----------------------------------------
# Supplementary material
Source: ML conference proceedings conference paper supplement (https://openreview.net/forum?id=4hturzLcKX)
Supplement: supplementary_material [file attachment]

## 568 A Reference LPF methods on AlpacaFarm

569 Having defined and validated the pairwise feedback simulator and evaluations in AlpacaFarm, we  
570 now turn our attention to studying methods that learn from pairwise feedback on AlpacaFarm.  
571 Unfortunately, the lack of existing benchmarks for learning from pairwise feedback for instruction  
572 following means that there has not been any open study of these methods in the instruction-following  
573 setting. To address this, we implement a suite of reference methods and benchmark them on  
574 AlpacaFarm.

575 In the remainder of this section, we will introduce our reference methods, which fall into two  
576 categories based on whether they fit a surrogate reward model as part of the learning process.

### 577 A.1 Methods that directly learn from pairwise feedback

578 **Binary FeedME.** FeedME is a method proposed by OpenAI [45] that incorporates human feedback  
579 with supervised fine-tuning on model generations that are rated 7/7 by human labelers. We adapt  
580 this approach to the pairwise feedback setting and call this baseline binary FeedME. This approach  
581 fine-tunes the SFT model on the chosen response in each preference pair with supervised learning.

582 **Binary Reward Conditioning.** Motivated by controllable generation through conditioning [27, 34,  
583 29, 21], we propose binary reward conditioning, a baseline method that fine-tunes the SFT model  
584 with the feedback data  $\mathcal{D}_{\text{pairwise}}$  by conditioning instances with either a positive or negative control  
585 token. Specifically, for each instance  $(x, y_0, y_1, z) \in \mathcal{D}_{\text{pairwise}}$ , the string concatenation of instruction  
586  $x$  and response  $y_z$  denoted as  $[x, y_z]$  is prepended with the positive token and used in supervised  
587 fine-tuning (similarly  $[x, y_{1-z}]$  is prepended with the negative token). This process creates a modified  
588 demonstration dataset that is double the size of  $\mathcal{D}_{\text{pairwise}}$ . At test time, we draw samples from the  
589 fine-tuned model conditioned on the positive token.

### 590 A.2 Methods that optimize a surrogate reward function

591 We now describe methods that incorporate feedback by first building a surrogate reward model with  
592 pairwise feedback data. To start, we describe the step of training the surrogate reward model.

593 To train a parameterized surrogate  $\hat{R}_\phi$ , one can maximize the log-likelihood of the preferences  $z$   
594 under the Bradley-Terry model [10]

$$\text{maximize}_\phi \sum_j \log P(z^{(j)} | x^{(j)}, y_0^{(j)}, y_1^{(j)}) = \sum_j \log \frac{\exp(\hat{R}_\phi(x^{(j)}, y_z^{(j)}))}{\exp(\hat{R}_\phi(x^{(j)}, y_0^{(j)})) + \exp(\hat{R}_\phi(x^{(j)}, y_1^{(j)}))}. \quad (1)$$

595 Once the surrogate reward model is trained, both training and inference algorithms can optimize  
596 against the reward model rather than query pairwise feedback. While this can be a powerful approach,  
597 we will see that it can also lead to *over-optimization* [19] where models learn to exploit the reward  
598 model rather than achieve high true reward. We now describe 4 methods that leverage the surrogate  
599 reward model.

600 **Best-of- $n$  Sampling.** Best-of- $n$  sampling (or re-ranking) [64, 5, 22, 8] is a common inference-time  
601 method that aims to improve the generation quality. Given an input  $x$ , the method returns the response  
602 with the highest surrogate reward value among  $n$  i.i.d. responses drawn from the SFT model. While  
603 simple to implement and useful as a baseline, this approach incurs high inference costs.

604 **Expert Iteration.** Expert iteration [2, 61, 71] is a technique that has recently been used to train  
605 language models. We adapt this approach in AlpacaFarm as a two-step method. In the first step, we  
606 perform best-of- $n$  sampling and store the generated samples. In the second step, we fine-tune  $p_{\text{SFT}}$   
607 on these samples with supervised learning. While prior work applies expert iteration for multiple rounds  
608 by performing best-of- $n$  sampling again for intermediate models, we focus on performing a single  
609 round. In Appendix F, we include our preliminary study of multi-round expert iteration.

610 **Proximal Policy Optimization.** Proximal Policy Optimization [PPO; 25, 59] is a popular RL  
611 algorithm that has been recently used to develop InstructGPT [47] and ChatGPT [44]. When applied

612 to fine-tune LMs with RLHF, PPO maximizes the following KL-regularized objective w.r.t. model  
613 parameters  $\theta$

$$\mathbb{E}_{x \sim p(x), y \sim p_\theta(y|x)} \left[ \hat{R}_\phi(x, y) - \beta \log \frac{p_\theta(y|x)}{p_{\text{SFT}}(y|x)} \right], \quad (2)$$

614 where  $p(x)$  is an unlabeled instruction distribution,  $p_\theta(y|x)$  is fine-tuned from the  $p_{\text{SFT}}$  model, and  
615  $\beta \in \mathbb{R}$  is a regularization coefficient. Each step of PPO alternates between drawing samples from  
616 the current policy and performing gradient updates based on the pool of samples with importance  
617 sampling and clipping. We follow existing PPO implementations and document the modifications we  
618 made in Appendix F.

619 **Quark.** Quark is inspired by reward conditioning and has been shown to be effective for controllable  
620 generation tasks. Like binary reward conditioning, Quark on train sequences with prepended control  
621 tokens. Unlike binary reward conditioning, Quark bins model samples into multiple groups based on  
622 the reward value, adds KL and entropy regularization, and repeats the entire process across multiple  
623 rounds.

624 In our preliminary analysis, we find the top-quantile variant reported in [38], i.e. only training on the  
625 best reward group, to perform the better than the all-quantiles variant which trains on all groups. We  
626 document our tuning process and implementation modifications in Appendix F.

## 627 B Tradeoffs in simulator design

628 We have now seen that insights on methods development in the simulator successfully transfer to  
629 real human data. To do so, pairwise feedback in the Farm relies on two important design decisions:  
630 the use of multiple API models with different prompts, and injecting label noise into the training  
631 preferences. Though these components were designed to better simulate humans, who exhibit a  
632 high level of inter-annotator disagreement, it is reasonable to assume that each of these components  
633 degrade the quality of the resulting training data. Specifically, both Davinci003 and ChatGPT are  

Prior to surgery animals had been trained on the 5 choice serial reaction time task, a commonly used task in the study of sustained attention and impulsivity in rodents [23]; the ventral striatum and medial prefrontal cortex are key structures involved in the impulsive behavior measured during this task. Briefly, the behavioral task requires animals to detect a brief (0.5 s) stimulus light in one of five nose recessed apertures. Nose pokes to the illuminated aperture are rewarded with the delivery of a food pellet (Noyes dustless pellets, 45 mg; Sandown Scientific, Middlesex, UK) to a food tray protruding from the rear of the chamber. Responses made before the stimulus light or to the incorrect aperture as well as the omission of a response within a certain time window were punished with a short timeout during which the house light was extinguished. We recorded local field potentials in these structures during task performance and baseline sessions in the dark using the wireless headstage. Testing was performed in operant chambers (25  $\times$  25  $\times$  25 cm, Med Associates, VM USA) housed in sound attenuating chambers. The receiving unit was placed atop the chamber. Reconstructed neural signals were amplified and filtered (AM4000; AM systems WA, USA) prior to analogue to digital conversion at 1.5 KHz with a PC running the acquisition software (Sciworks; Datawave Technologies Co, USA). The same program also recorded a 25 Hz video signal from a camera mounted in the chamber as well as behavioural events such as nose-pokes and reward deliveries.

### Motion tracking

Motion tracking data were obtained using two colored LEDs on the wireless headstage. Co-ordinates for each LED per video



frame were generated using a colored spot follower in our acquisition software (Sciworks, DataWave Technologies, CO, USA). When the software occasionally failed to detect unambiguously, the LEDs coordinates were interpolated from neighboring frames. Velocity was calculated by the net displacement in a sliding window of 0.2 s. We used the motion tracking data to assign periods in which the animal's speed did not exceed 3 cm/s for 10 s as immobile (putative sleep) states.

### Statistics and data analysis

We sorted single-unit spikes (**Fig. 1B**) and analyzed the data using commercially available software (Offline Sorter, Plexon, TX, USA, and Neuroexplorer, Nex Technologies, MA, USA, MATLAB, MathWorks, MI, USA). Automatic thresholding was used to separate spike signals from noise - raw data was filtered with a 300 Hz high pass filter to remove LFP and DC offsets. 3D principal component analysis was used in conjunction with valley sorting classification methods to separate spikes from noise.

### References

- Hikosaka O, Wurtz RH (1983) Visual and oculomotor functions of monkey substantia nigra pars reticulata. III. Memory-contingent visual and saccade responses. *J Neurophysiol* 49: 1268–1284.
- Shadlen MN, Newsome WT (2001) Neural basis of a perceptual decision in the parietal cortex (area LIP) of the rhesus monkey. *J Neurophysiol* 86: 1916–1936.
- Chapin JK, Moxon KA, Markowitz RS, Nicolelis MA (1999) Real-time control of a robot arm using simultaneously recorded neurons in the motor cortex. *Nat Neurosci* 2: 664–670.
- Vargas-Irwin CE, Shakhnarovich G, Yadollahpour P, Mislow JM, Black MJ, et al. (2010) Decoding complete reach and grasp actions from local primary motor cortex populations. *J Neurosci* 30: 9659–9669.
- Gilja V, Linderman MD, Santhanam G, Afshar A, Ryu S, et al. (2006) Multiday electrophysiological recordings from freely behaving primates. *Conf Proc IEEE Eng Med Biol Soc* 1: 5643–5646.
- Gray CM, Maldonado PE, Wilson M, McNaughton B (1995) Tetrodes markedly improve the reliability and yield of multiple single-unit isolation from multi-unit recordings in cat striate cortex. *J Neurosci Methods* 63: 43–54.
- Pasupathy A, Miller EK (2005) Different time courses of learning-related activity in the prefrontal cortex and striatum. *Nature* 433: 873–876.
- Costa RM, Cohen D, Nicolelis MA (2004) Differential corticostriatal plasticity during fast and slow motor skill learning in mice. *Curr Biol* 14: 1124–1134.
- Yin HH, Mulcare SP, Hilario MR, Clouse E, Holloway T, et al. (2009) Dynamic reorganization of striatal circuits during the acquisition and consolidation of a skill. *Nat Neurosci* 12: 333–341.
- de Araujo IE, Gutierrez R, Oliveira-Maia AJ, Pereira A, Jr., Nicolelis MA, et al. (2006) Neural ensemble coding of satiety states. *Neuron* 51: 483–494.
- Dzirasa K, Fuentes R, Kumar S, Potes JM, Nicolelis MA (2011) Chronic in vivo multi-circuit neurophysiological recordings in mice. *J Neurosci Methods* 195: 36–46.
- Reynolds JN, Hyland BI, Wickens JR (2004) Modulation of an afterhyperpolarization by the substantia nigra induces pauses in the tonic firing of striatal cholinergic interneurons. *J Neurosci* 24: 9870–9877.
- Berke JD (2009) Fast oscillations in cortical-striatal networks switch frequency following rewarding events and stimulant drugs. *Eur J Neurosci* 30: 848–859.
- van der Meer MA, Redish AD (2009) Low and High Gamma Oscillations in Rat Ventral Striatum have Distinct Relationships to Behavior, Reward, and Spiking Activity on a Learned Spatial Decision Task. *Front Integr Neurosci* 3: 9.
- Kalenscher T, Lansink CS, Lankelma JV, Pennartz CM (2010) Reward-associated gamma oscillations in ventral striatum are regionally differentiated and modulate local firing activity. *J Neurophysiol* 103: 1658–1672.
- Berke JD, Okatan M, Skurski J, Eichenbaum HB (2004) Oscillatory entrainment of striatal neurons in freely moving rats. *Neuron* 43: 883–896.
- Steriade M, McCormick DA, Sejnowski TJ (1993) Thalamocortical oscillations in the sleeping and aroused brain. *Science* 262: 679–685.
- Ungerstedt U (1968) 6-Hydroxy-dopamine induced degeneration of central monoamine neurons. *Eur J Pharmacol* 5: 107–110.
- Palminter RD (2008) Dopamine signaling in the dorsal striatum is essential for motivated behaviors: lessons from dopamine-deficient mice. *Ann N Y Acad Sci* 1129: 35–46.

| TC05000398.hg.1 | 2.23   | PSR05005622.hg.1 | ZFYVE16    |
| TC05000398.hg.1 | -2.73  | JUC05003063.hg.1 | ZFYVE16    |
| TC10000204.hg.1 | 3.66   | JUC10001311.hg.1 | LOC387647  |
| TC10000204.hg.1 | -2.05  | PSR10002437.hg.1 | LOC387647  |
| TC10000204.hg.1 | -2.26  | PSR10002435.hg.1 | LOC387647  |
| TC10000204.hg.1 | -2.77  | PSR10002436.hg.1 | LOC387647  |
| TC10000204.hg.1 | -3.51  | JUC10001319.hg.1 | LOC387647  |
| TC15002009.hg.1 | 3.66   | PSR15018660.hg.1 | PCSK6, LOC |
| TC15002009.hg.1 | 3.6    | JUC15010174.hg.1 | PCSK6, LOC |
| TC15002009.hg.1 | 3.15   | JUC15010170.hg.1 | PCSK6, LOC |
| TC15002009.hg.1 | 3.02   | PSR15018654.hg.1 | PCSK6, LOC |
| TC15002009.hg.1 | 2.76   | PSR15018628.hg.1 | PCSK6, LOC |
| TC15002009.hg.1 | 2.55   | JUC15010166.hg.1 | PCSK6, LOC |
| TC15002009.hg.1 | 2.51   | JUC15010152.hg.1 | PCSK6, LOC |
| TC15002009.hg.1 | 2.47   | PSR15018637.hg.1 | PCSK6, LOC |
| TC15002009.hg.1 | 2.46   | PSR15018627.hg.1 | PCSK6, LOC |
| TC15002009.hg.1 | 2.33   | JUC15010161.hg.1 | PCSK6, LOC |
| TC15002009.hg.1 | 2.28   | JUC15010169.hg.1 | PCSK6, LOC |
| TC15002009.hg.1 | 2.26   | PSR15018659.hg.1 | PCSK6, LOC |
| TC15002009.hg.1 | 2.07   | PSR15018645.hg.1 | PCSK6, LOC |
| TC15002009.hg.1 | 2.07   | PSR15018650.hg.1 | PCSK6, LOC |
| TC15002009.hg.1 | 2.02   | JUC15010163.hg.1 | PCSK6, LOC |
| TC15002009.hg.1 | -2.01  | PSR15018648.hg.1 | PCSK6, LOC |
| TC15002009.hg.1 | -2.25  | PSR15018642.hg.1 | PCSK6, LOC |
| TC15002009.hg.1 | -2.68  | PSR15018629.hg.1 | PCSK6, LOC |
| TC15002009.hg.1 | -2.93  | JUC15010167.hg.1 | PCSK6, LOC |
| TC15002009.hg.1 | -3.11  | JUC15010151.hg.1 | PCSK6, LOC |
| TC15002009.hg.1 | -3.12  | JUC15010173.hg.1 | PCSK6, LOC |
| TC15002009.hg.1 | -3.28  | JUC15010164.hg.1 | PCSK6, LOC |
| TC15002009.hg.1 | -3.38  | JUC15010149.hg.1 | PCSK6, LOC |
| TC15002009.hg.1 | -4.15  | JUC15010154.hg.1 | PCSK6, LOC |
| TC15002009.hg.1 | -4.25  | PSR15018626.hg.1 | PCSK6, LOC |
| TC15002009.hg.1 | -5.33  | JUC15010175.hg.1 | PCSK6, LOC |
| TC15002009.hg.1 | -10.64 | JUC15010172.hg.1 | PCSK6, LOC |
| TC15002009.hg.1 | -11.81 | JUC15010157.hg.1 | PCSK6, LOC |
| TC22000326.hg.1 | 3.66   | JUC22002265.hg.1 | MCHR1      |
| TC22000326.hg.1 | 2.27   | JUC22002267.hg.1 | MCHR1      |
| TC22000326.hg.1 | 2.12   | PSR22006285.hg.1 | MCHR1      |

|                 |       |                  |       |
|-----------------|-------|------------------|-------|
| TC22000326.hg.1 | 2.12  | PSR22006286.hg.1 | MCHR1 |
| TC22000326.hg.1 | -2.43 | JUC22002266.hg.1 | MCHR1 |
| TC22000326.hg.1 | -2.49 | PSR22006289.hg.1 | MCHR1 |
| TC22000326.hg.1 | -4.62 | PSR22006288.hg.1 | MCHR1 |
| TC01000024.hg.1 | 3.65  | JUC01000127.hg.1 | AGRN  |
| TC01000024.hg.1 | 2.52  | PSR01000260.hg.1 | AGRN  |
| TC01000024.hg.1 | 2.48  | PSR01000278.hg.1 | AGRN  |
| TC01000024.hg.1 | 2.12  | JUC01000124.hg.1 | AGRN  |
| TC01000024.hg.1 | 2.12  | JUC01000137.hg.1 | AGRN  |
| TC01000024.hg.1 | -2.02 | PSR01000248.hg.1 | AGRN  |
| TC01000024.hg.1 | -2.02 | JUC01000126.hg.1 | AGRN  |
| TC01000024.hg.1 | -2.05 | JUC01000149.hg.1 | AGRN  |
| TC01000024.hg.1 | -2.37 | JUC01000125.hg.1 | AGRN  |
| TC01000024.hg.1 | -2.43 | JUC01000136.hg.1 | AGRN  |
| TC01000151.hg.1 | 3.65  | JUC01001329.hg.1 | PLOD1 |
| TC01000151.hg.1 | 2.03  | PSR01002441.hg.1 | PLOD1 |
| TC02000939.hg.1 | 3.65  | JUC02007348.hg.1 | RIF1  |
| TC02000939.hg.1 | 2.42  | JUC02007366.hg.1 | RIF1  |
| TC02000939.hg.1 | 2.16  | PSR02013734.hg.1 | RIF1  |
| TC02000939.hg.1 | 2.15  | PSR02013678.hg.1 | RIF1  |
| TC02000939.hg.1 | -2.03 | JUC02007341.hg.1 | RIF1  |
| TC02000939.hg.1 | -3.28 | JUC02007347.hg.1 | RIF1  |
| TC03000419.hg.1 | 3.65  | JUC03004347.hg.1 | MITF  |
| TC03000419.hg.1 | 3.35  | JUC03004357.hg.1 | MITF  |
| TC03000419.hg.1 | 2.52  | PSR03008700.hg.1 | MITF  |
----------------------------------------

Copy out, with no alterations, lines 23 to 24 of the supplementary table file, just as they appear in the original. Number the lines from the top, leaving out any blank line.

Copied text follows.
587 fine-tuning (similarly  $[x, y_{1-z}]$  is prepended with the negative token). This process creates a modified  
588 demonstration dataset that is double the size of  $\mathcal{D}_{\text{pairwise}}$ . At test time, we draw samples from the  